by Cassie Moore, ACNM Writer and Editor
August is Midwifery
Advocacy Month—right around the corner—and we hope midwives across the
country will participate in calling their legislators, hosting fundraisers, and
advocating for the MOMS 21 act.
However, it is important to advocate for midwifery throughout the year, at
every chance. Members who attended the ACNM 57th
Annual Meeting in Long Beach were thrilled by International Confederation
of Midwives President Frances Day-Stirk’s rousing call to “Talk midwife—walk
If you’re like me, when you think of an advocate, you think of an outspoken,
confident, polished, cheerleadery type of person who always knows the right
thing to say and when to say it—who never stumbles over his or her words—who
doesn’t get intimidated by politicians or the media. While those types of
personalities are enormously helpful for a cause, they are rare. For many of
us, it is easier to advocate for midwifery in quieter, less obvious ways most of the time.
I recently was reading a blog that I regularly check. The writer was telling a
story about how she had gone to her gynecologist and had had some type of
conflict. In the comments section, I left a quick little note: “Did you know
you can also see a midwife for your gynecologic needs? Try one—you might like
the experience.” I didn’t write anything disparaging her gynecologist, but I did
let the writer know that the midwifery option was available. She replied that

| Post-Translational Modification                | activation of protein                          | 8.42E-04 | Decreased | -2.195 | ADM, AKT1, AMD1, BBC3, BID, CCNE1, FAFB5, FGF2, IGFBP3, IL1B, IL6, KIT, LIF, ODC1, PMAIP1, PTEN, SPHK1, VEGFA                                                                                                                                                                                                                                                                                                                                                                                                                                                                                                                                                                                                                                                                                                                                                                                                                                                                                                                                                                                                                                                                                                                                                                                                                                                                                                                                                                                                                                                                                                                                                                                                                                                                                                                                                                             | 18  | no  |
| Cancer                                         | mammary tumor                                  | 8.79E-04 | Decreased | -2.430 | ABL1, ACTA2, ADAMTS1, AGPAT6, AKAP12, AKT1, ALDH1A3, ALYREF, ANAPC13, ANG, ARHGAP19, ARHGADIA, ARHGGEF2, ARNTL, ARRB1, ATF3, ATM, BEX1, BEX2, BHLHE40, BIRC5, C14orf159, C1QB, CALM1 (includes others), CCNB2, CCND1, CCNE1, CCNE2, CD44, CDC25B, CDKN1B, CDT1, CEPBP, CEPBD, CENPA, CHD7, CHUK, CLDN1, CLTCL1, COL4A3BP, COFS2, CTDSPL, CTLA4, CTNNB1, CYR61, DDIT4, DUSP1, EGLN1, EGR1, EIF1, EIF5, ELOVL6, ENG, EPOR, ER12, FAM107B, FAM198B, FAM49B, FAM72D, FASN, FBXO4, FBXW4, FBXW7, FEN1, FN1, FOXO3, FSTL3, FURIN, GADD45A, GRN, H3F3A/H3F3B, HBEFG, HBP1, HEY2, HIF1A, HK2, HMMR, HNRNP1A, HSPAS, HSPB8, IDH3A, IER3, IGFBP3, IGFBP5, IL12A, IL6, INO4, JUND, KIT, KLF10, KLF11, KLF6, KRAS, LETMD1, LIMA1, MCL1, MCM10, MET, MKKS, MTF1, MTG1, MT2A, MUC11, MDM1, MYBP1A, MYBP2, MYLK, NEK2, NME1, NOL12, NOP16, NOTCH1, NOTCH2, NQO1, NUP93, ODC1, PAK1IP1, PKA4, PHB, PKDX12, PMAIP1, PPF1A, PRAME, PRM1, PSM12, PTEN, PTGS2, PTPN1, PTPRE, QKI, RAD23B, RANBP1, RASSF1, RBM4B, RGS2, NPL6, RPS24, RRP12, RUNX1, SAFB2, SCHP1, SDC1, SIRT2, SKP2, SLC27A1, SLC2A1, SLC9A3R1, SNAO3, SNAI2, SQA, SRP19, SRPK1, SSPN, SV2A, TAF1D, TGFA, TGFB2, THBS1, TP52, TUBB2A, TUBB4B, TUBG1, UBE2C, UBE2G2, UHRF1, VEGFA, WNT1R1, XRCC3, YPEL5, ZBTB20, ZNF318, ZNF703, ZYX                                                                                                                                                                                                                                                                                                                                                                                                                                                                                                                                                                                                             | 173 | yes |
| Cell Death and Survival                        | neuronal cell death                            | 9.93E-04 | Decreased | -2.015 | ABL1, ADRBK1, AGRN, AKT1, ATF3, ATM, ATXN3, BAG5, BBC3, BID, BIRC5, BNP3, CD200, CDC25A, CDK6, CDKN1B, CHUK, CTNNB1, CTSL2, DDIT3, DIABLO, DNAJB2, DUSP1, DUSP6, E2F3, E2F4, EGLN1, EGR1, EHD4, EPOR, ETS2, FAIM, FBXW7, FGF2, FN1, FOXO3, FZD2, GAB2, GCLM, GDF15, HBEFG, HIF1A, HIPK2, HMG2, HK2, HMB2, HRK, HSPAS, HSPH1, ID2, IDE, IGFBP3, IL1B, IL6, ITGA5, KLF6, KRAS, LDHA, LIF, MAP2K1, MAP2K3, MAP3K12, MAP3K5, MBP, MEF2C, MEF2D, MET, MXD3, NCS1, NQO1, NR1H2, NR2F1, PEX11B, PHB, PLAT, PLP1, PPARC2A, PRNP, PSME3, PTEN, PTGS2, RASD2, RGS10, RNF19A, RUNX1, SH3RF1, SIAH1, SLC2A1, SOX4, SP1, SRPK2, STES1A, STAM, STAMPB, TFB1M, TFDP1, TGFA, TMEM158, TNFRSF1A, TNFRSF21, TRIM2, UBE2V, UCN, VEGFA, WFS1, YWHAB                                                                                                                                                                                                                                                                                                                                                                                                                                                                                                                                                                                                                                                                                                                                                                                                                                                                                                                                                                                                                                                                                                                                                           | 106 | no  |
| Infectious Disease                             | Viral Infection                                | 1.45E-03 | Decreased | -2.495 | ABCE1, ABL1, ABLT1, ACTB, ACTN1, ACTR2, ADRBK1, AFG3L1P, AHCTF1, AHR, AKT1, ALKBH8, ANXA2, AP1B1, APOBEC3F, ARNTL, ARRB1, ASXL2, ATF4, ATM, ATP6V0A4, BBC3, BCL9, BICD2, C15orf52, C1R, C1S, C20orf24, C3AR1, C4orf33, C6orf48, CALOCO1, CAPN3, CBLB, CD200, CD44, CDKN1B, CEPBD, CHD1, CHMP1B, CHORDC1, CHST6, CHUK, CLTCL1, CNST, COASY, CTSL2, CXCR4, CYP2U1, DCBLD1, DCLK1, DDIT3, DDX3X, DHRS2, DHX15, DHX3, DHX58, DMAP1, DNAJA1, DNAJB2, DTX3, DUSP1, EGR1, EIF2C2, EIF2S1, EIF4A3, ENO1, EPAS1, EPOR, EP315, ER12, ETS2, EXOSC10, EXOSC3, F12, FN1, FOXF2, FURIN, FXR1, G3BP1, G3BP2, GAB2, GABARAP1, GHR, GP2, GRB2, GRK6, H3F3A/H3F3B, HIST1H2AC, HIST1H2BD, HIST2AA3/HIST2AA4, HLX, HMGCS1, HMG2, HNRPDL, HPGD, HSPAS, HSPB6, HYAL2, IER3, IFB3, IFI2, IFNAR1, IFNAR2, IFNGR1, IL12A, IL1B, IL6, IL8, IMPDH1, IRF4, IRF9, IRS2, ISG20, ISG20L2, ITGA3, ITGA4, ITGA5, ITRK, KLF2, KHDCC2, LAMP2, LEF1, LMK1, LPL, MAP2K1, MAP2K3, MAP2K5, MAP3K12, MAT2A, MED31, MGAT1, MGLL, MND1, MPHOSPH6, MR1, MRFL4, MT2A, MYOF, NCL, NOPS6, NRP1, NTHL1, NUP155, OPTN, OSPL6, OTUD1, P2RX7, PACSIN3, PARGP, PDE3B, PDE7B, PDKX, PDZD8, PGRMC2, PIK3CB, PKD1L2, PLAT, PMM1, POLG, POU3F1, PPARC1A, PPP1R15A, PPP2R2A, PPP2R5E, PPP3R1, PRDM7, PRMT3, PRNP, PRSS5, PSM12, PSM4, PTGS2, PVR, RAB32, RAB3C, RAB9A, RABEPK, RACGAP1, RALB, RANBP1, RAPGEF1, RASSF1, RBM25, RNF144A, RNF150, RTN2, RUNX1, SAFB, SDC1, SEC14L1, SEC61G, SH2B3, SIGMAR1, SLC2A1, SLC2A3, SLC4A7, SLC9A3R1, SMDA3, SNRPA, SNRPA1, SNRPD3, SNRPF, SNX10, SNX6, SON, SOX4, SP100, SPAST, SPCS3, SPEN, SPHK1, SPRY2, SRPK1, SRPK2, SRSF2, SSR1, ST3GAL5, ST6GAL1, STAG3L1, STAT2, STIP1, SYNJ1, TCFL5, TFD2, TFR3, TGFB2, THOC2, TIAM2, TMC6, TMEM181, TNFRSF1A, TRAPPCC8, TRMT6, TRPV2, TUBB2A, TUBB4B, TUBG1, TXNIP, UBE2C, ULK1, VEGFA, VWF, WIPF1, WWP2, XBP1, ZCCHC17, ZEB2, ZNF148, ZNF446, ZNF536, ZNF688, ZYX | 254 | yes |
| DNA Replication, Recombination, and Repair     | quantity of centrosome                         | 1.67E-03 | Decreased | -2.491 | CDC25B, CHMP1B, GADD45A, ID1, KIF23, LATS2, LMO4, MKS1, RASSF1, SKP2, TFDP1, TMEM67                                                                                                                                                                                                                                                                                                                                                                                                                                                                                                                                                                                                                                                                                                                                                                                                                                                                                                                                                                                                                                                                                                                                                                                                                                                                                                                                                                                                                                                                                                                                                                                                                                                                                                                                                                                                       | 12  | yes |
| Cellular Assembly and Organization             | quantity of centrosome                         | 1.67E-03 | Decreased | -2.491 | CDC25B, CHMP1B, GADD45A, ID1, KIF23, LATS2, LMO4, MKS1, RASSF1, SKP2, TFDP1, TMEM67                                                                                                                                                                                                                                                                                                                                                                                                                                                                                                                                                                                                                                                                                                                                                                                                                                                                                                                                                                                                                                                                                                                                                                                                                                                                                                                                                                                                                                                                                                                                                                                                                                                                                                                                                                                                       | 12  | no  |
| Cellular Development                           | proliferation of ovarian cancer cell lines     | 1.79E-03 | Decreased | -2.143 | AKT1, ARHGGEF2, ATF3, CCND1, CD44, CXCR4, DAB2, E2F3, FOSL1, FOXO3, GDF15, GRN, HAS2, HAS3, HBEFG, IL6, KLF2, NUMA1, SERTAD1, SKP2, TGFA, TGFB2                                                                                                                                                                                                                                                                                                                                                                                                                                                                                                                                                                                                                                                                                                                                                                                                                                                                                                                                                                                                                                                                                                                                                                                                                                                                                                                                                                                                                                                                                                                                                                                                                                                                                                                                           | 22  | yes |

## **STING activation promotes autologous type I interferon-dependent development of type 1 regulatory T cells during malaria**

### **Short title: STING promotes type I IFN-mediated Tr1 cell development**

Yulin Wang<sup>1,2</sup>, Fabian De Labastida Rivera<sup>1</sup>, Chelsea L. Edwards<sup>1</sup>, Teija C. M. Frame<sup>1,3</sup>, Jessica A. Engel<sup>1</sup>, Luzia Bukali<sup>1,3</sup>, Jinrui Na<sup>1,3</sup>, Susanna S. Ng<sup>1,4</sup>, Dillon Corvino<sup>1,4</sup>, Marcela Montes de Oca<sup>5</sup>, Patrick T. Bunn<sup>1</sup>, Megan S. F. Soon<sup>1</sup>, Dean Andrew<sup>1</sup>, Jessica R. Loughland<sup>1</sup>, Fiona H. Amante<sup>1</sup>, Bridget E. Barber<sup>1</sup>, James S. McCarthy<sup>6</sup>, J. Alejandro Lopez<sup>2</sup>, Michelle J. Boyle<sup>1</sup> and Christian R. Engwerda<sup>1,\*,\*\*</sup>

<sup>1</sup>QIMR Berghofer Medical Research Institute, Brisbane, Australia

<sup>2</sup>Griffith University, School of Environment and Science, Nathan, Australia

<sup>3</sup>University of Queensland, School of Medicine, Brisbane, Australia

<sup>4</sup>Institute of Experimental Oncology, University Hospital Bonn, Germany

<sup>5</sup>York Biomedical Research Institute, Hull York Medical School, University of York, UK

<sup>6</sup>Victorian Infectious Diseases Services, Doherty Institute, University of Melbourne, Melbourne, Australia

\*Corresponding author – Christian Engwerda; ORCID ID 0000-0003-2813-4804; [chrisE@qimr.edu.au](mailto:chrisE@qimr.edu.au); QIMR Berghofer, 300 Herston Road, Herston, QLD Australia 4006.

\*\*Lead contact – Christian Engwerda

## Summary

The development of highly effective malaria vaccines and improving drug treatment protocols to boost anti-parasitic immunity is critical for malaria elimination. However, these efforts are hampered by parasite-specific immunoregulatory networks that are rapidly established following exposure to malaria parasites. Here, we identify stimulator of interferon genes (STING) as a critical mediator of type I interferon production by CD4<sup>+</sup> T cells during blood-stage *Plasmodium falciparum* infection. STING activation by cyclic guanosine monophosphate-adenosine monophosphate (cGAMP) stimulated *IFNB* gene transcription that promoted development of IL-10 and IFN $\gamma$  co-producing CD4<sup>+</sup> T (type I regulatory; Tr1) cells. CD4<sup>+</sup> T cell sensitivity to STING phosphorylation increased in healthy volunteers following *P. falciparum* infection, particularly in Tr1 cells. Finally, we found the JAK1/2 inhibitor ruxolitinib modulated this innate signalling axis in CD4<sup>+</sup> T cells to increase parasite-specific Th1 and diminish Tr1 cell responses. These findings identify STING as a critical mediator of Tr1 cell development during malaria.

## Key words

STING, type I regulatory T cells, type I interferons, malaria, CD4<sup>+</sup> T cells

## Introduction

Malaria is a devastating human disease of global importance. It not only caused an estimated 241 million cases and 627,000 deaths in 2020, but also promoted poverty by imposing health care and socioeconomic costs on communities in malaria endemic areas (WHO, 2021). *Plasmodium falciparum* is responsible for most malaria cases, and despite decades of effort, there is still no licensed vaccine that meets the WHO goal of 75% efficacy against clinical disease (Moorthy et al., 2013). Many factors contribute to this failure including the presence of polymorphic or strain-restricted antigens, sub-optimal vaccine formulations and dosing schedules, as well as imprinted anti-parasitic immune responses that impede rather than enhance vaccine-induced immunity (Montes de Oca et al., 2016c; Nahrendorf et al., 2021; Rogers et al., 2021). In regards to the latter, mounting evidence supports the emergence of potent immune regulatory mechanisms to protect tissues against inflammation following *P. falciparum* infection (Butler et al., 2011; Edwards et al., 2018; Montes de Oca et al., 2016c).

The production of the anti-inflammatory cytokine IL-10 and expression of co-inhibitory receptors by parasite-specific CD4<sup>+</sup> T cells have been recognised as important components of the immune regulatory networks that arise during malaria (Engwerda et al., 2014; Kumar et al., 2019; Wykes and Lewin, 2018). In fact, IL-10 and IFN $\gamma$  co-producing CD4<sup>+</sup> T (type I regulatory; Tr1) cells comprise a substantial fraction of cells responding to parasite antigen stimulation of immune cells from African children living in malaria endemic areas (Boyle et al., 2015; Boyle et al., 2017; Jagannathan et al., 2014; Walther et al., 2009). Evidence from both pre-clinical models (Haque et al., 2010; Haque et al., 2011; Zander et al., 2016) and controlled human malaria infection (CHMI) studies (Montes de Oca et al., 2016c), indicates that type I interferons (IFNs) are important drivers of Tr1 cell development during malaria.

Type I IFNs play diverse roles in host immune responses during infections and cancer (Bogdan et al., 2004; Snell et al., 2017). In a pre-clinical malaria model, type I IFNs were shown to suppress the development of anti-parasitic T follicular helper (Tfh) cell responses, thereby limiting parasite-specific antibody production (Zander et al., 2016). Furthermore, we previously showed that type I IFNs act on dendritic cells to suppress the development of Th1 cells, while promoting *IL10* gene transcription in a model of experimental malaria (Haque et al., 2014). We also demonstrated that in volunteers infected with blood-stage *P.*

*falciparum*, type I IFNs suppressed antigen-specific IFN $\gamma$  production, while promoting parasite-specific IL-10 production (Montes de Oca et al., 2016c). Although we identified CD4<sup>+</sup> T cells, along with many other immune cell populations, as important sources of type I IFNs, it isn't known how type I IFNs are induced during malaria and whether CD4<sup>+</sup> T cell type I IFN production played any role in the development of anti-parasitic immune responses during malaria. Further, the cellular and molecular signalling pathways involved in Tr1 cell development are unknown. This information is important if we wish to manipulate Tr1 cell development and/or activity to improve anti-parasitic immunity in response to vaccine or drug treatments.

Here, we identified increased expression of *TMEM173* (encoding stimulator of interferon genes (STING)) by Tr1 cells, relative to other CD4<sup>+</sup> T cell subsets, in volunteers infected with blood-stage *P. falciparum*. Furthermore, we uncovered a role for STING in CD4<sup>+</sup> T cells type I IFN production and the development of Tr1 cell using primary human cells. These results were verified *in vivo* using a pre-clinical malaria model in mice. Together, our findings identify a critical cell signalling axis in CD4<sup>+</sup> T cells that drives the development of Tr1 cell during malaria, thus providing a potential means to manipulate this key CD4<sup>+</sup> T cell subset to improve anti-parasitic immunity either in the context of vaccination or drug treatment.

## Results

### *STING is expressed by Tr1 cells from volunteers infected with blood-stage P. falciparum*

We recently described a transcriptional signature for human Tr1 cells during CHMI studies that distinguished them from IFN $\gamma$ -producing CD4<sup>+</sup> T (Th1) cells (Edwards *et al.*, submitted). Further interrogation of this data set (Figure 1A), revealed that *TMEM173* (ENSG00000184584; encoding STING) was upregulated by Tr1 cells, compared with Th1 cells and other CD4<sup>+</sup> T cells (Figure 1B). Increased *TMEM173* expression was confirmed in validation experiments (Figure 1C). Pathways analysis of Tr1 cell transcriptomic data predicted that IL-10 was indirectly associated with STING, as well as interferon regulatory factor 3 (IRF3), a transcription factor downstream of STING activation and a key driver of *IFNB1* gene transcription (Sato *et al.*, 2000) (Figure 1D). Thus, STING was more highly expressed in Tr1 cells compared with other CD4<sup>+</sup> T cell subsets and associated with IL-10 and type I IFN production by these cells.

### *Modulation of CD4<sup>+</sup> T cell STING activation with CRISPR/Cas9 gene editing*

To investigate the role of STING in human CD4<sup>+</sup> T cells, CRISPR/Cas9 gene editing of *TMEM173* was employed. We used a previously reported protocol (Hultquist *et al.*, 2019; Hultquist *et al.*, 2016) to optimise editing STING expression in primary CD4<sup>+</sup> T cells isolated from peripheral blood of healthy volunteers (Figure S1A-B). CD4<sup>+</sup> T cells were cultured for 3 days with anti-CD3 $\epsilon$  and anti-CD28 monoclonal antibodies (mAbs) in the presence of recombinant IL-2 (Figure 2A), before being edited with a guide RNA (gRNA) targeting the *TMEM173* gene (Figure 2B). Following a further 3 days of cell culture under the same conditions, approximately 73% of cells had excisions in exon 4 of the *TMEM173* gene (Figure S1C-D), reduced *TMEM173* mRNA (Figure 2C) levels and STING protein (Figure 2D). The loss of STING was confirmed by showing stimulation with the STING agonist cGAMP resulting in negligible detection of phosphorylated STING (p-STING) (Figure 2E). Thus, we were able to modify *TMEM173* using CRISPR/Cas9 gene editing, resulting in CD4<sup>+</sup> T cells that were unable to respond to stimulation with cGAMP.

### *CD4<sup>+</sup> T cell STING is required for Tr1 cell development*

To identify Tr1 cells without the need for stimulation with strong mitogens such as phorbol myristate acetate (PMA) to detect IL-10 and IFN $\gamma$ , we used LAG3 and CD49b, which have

she wasn’t aware that midwives see women for anything other than birth care. Who
knows—maybe someday she will decide to see a midwife and blog about the
experience, adding a little extra positive publicity to midwifery.
I am currently taking an online class in medical terminology. It’s very
exciting and fascinating, especially now as we are learning about the female
reproductive system. We have online discussions for this class and I try to use
every little opportunity to inject midwifery or midwives’ philosophy into the
discussion. For example, when discussing sexually transmitted infections
(STIs), I wrote that a gynecologist or
midwife can diagnose and prescribe treatment for STIs. It’s a little thing, but
it’s something that my classmates may not know—and once they do know, they may
decide to learn more about midwifery.
I’m not trying to pat myself on the back—after all, these
are only tiny efforts! But what I am trying to say is that anyone can advocate
in these little ways every day, and if a lot of people advocate just a little
bit, then more women will learn about midwifery than would have otherwise. What
are some small things you’ve done recently to advocate for midwifery?